Microbes play an essential role in ecosystem functions, including carrying out biogeochemical cycles, but are currently considered a black box in predictive models and all global biodiversity debates. This is due to (i) perceived temporal and spatial variations in microbial communities and (ii) lack of ecological theory explaining how microbes regulate ecosystem functions. Providing evidence of the microbial regulation of biogeochemical cycles is key for predicting ecosystem functions, including greenhouse gas fluxes, under current and future climate scenarios. Using functional measures, stable-isotope probing, and molecular methods, we show that microbial (community diversity and function) response to land use change is stable over time. We investigated the change in net methane flux and associated microbial communities due to afforestation of bog, grassland, and moorland. Afforestation resulted in the stable and consistent enhancement in sink of atmospheric methane at all sites. This change in function was linked to a niche-specific separation of microbial communities (methanotrophs). The results suggest that ecological theories developed for macroecology may explain the microbial regulation of the methane cycle. Our findings provide support for the explicit consideration of microbial data in ecosystem/climate models to improve predictions of biogeochemical cycles.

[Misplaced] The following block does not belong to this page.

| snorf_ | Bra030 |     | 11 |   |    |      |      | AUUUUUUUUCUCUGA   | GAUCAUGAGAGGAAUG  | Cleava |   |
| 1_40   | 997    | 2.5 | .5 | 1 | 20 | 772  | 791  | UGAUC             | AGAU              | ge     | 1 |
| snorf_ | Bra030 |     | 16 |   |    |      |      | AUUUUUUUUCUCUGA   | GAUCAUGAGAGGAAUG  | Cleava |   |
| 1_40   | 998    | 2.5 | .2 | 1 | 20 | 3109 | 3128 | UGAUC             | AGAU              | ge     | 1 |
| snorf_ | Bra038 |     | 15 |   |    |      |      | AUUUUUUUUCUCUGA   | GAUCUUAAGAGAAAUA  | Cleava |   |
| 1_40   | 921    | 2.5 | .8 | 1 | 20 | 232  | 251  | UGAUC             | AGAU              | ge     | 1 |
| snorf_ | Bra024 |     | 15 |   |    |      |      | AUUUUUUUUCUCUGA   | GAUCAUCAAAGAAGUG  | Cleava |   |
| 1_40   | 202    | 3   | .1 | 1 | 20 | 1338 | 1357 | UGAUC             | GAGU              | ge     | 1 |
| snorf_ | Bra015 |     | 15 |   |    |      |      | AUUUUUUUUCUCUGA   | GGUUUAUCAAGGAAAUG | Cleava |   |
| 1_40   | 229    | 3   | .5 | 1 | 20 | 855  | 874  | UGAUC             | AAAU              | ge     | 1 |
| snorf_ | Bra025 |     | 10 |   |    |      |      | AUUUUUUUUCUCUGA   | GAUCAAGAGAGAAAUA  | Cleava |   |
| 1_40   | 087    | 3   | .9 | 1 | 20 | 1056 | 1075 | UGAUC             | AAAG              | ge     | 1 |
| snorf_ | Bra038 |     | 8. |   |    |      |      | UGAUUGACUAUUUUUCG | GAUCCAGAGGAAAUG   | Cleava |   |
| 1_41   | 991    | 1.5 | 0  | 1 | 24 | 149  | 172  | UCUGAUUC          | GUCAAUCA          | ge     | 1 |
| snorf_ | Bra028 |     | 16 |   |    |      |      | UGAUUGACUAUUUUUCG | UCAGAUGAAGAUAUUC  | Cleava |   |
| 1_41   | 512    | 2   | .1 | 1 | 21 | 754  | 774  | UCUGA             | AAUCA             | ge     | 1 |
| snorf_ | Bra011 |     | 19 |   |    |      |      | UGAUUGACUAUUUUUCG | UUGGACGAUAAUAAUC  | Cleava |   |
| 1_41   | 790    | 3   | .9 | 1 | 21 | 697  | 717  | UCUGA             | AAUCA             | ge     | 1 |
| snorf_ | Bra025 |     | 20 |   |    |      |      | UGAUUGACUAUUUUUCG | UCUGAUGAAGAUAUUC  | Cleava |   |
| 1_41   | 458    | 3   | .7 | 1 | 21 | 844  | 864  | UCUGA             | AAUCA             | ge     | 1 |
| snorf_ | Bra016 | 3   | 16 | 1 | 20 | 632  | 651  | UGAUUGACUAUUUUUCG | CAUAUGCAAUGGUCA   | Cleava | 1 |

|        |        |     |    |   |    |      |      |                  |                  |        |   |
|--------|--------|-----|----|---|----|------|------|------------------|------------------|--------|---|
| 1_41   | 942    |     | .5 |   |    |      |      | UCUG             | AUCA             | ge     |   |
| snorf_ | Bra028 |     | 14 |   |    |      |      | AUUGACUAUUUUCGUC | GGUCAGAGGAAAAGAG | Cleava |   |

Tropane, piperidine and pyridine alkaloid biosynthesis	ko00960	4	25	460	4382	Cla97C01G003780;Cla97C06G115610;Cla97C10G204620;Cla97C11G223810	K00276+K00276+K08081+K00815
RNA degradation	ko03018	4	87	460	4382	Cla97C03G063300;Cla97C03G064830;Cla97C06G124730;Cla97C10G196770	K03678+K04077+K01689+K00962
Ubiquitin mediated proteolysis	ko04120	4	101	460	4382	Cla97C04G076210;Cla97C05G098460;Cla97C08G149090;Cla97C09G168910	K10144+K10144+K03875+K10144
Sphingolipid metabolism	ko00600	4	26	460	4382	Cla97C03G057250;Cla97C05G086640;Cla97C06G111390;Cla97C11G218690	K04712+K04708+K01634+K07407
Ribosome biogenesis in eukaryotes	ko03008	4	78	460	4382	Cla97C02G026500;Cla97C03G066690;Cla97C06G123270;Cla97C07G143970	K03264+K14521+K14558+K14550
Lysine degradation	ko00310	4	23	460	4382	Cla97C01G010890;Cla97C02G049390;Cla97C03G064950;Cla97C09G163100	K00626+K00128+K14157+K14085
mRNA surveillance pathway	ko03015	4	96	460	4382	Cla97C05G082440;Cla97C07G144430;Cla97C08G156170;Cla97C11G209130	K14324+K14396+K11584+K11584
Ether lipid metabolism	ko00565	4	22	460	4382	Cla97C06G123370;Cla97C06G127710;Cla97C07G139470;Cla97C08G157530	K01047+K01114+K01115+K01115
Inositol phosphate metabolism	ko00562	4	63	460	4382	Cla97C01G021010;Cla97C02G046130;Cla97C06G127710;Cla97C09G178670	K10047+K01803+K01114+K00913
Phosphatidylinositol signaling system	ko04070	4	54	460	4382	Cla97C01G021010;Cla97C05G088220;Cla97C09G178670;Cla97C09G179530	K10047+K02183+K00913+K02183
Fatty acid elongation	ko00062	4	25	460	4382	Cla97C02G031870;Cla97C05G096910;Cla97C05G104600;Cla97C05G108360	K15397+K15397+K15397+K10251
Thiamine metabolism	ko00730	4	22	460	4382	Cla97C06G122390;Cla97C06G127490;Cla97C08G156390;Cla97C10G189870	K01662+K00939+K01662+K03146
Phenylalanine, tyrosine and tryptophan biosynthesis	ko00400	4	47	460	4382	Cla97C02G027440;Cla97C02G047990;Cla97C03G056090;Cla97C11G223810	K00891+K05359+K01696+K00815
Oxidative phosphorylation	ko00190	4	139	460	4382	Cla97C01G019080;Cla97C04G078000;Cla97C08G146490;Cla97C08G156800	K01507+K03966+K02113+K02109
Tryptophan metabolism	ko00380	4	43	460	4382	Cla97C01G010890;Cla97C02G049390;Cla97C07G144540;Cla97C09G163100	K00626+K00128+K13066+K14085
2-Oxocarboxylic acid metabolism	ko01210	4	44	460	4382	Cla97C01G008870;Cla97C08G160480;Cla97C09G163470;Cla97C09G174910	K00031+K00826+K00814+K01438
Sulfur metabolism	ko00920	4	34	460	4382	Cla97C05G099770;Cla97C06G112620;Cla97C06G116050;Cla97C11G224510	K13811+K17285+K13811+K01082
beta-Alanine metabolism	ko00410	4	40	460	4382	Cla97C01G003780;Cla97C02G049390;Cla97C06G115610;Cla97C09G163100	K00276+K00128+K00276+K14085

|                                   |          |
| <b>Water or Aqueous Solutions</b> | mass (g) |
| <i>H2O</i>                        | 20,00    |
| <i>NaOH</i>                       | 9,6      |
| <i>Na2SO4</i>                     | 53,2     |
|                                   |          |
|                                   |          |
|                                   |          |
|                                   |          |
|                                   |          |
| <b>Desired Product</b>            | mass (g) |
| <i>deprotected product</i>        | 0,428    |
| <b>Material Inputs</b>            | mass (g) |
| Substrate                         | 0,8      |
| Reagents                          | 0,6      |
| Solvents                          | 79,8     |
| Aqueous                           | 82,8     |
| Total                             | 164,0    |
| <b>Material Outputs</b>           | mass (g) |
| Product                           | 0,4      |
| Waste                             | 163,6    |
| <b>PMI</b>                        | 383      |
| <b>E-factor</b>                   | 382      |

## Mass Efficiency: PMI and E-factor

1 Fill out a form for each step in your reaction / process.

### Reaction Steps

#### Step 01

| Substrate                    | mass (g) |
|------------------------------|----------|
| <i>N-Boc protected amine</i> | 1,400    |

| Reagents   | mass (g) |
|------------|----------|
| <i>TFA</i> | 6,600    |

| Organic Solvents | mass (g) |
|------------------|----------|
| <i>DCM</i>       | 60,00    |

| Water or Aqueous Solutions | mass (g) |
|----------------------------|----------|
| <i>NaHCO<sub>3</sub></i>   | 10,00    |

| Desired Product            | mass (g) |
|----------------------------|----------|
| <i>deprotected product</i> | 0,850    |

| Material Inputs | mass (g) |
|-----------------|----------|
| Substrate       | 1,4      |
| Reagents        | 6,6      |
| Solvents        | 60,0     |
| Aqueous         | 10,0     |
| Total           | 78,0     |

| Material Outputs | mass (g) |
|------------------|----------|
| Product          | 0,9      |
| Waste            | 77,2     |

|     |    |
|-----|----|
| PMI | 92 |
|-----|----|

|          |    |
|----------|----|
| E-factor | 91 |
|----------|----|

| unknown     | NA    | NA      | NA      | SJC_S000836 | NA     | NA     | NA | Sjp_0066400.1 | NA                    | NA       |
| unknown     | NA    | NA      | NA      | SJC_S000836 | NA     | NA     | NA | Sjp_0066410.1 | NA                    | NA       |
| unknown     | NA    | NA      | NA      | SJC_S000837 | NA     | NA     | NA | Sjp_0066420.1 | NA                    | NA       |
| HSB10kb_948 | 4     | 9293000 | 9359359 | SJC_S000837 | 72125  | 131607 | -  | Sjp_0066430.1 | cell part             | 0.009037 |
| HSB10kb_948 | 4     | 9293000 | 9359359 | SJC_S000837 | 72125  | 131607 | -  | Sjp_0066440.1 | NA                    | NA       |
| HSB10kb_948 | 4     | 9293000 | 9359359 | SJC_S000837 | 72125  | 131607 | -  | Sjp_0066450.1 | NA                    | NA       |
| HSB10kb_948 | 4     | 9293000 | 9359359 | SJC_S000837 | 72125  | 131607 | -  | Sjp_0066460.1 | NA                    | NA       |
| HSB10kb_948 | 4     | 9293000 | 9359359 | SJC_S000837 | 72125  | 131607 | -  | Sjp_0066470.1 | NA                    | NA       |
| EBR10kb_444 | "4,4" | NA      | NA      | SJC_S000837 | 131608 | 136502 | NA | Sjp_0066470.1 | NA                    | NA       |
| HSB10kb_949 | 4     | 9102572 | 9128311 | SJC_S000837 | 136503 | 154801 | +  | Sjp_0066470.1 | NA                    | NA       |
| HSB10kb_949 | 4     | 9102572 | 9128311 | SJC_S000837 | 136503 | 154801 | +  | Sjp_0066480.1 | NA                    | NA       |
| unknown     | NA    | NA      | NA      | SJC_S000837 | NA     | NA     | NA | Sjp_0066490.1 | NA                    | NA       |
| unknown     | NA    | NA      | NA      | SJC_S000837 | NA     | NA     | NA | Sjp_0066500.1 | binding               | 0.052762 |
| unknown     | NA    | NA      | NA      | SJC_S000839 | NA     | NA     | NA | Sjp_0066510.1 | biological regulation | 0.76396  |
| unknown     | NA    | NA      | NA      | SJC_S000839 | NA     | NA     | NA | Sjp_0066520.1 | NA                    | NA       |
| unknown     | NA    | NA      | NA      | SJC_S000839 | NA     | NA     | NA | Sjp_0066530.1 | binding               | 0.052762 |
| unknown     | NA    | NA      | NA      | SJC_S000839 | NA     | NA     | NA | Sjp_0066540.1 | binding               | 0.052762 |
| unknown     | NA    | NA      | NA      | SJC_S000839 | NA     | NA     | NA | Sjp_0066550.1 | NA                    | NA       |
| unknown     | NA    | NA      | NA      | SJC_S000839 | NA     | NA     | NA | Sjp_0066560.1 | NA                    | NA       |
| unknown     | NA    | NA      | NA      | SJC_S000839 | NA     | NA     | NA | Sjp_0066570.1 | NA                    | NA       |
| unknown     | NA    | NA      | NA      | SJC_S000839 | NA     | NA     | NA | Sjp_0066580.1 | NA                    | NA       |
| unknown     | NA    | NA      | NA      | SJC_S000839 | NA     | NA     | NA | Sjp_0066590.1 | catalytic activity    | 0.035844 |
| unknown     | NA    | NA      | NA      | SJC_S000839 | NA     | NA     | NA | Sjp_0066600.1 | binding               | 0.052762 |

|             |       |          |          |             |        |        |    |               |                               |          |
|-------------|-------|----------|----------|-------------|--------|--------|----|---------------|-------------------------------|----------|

ASJC Scopus subject areas
- Food Science
- Applied Microbiology and Biotechnology